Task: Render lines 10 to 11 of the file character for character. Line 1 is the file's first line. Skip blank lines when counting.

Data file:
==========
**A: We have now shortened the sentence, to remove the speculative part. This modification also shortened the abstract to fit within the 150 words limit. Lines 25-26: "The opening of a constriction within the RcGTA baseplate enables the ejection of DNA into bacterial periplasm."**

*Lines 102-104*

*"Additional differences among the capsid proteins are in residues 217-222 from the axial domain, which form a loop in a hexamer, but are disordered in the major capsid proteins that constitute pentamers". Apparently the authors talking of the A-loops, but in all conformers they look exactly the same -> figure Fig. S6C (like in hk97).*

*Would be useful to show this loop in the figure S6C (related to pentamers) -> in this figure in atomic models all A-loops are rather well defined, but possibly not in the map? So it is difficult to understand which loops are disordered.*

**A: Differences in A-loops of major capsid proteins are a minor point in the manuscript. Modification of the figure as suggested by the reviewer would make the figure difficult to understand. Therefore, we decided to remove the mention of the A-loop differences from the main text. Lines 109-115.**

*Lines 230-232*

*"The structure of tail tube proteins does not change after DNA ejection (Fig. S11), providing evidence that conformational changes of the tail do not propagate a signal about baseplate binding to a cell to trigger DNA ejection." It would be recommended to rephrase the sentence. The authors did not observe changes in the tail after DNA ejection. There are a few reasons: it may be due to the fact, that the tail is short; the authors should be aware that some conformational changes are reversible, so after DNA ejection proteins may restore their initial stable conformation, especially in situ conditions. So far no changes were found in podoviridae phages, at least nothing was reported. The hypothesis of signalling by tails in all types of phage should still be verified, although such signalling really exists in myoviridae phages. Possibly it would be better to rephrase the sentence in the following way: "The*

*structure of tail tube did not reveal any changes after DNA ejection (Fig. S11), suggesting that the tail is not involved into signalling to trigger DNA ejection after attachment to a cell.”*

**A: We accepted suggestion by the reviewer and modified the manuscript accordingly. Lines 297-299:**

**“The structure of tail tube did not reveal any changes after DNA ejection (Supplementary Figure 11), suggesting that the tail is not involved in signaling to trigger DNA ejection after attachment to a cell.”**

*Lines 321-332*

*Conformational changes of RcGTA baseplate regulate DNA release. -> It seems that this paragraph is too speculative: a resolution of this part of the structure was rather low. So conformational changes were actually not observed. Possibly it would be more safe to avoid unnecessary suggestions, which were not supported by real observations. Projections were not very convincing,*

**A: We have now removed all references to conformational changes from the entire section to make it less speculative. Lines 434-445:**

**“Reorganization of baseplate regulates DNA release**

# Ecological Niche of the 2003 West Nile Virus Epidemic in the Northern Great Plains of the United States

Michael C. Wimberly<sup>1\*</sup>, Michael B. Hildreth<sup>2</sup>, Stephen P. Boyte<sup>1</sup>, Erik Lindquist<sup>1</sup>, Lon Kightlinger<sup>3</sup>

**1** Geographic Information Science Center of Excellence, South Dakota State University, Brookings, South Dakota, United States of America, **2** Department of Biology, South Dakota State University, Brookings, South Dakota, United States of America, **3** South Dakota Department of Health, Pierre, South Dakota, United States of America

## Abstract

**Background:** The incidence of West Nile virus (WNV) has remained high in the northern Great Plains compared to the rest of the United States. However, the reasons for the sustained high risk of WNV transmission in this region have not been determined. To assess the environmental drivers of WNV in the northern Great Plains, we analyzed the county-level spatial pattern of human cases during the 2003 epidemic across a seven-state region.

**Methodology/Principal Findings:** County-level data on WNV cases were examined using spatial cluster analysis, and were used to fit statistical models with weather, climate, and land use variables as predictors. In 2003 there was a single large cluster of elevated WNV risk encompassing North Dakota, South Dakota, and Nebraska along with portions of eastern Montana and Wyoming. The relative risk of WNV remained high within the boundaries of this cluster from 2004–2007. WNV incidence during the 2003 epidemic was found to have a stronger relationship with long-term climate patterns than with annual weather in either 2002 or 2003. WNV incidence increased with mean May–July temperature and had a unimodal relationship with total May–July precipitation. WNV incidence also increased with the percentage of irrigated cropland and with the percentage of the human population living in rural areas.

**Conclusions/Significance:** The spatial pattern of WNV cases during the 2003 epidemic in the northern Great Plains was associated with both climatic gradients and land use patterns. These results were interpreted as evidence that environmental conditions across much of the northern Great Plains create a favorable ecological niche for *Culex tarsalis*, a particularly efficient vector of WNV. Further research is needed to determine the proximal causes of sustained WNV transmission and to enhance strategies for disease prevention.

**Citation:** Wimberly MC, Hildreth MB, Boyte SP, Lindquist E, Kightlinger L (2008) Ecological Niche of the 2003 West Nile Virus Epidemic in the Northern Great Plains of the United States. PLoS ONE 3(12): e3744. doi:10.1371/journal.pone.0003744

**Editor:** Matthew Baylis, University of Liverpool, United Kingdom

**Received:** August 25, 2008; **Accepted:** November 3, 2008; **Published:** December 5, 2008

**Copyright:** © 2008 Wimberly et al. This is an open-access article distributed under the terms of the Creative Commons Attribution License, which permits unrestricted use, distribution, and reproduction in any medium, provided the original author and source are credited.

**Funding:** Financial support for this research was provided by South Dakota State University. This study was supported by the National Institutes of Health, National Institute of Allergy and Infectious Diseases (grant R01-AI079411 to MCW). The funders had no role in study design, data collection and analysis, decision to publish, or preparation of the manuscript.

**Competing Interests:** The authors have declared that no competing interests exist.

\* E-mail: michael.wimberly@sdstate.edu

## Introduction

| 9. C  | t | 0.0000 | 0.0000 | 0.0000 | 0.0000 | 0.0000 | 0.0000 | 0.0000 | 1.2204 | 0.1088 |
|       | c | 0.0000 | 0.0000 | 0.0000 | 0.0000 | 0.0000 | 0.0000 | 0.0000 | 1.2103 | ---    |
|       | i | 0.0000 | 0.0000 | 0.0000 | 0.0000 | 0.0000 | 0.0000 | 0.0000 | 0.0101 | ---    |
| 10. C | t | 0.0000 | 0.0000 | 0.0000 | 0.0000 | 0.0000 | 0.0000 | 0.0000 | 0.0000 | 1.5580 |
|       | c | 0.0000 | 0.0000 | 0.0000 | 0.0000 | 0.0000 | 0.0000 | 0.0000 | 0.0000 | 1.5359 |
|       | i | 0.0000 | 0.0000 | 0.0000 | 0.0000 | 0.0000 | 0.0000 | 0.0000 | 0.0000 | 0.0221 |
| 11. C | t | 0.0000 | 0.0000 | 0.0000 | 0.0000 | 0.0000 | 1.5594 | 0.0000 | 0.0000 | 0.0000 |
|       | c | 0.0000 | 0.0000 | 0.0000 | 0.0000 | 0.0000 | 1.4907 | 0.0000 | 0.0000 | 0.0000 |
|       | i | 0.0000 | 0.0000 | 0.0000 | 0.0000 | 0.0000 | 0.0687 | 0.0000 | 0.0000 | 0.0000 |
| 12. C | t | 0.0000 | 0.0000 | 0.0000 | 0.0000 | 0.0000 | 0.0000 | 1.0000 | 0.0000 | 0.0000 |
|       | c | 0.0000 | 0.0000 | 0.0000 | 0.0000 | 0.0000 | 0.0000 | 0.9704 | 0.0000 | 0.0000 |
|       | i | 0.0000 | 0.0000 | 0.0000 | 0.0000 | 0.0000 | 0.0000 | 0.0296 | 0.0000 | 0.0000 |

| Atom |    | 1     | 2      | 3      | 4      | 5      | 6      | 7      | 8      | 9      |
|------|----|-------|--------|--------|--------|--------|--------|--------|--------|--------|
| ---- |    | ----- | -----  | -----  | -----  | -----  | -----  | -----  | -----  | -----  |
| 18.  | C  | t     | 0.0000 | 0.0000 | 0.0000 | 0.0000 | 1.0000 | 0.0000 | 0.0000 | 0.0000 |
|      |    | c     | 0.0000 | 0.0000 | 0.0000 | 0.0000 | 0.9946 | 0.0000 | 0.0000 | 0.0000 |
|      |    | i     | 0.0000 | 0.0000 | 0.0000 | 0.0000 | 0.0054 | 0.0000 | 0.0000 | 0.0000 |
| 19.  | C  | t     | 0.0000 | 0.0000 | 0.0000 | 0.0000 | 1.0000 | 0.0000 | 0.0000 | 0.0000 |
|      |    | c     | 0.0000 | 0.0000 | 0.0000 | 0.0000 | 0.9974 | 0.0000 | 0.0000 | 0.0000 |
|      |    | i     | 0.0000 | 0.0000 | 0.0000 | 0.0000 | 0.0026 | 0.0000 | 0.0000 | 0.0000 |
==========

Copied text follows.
**“The structure of tail tube did not reveal any changes after DNA ejection (Supplementary Figure 11), suggesting that the tail is not involved in signaling to trigger DNA ejection after attachment to a cell.”**

*Lines 321-332*